The country has witnessed the menace of two COVID­19 waves and stares at a third.

While COVID­19 has been presented as an overarching public health calamity, the influence of medical doctors in the health policy response to COVID­19 has been particularly profound.

This is symptomatic of our long­standing tendency to confound medicine with public health which permeates even the highest policymaking echelons.

If anything, both the scope and consequence of medicine in the overall health of the population is significantly limited.

COVID­19 entails that this fact leaves the libraries and academia, and manifests as tangible policy measures that help consolidate public health in the country.


Distinct specialty, stagnation In the 1950s, a global consensus and a concomitant national consensus on the importance of socially­oriented physicians in population health resulted in the establishment of community medicine as a distinct medical specialty, both at the undergraduate and postgraduate levels.

Vast swathes of the community medicine curriculum are devoted to tackling major public health challenges through a plethora of vertical disease control programmes which have always driven the national public health discourse.

The larger medical curriculum has remained more or less stagnant since post­Independence.

Similarly, hardly any attempt has been made to reform the community medicine curriculum, from one that primarily provides technical inputs to technocratic health programmes to one which can also take on the larger questions related to health policy and health systems, and inculcate critical thinking along lines that are divergent from clinical medicine.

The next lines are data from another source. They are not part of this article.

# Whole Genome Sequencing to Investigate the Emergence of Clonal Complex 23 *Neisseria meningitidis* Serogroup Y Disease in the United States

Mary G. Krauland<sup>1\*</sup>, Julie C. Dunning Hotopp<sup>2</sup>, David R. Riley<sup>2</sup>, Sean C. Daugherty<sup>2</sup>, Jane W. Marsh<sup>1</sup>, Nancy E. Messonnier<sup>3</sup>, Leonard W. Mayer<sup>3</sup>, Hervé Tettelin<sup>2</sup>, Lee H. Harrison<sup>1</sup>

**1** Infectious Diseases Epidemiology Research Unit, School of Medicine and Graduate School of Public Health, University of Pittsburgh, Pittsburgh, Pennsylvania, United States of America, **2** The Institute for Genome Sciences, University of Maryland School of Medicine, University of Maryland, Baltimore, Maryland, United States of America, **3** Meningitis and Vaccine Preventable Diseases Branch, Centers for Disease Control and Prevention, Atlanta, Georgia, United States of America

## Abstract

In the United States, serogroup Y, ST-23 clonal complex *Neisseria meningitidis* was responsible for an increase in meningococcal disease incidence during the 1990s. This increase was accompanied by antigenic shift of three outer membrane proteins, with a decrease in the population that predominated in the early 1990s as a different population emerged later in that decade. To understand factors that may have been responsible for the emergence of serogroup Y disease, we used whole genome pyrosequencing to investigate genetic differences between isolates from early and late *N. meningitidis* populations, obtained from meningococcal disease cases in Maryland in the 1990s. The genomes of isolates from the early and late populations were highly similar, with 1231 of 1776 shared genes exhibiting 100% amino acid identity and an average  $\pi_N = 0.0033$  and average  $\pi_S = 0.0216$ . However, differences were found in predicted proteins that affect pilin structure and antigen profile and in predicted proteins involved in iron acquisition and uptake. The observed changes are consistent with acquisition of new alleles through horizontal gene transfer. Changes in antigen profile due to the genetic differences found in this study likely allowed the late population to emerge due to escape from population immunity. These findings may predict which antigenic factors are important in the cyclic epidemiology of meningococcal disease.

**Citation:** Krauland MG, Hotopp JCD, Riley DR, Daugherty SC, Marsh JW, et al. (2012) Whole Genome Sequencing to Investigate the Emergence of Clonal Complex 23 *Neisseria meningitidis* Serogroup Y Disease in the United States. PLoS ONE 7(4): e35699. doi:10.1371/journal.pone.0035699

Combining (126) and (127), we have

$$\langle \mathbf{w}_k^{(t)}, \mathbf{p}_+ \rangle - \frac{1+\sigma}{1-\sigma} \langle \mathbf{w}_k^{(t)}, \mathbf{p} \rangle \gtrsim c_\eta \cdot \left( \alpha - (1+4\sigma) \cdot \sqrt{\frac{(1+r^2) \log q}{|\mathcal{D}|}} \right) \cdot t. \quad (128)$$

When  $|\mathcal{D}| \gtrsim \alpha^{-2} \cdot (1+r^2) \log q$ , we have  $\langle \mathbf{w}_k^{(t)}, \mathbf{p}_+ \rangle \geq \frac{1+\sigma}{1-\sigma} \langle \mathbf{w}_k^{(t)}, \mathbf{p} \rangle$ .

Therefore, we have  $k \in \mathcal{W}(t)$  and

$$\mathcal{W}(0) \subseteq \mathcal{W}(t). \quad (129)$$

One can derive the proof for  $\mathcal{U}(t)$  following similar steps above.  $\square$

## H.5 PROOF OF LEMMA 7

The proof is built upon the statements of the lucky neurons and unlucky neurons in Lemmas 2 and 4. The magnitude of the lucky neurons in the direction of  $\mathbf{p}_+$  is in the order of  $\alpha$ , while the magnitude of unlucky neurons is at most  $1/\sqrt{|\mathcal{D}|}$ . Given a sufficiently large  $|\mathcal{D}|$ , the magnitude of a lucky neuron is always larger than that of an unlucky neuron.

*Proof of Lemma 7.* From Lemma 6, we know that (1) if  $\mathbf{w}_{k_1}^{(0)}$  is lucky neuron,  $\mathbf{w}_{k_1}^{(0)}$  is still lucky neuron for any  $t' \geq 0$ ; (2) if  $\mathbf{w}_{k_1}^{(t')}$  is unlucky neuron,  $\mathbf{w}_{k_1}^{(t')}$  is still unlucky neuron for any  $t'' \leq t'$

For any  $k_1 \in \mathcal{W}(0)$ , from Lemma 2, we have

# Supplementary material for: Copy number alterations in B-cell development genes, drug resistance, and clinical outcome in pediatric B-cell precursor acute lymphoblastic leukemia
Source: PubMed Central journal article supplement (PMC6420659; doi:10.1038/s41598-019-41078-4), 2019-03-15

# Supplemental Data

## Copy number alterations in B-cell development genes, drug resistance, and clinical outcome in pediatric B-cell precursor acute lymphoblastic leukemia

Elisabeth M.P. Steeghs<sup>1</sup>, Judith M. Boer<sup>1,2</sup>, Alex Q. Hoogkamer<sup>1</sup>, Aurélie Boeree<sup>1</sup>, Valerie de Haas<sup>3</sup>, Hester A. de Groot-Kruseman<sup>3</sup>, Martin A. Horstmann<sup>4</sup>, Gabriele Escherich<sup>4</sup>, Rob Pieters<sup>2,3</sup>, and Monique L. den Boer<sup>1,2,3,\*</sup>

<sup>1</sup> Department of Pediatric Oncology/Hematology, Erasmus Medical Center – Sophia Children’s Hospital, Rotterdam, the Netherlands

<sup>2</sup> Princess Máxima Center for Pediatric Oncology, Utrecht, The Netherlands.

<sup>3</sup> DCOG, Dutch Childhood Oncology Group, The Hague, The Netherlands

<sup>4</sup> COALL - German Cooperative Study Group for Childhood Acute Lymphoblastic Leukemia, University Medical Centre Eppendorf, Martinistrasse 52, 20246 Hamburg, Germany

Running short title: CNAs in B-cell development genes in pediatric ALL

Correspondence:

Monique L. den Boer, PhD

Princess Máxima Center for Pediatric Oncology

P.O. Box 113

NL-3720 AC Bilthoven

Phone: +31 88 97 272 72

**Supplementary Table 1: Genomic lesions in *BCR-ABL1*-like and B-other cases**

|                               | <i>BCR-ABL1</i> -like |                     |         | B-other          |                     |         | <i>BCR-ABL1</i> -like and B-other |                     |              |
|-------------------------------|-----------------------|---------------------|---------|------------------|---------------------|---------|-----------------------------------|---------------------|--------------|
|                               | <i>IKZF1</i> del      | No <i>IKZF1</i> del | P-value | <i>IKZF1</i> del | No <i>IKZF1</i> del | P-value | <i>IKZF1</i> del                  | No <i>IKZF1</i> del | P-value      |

Countries such as Cuba demonstrate how a medical curriculum attuned to public health can strongly influence the whole philosophy of health­care provision in a country.

The Cuban example However, none of these confers the competencies necessary to critically assess the larger public health and health systems landscape of the country.

Despite the considerable overlap between them, the non­substitutability of community medicine and public health cannot be ignored, at least in the current Indian context.


Community medicine, while frequently equated with public health, fails to embrace multiple facets of the multidisciplinary assemblage of competencies that is public health.

Juxtapose the community medicine curriculum with that of any of the few bastions of socially­oriented public health courses, and the distinction becomes readily apparent.

But proponents of community medicine have not been in denial of this essential distinction — eventually, community medicine is a medical specialty while public health is a multidisciplinary science.

Since public health is a multidisciplinary science, why do we emphasize instilling public health competencies in medicine, and not so much for other allied fields such as engineering or anthropology?

The pragmatic answer is that medical doctors, de facto, are likely to continue to be the most influential players in public health policy at least in the foreseeable future.

This makes it imperative that medical doctors imbibe multi-disciplinary public health thinking right since their formative days.


Multidisciplinary science some experts have advocated the establishment of public health departments in medical schools, inspired by the COVID­19 pandemic.

Recent medical curricular reforms in India have laid a stress on inculcating clinical empathy, early clinical exposure, and at least ritualistically, on greater community exposure.

For a medical curriculum to be steeped in clinical medicine and not inculcate a broader public health orientation is least desirable where health policy is largely shaped by doctors.

At the postgraduate level, re­emphasising multidisciplinary public health principles would be equally important to ensure that we create not just community medicine technocrats but also well­rounded advocates of health system reform.

While health­care reform is a complex process with numerous interacting elements, the role of formative medical education in it is quite often underrated.

Community medicine will always defend its exclusivity as being a fundamentally medical specialty meant only for doctors, and public health courses will rightfully need to be open to students from diverse backgrounds.

Looking ahead A middle ground can be struck by upgrading community medicine to ‘community medicine and public health’ both at the undergraduate and postgraduate levels.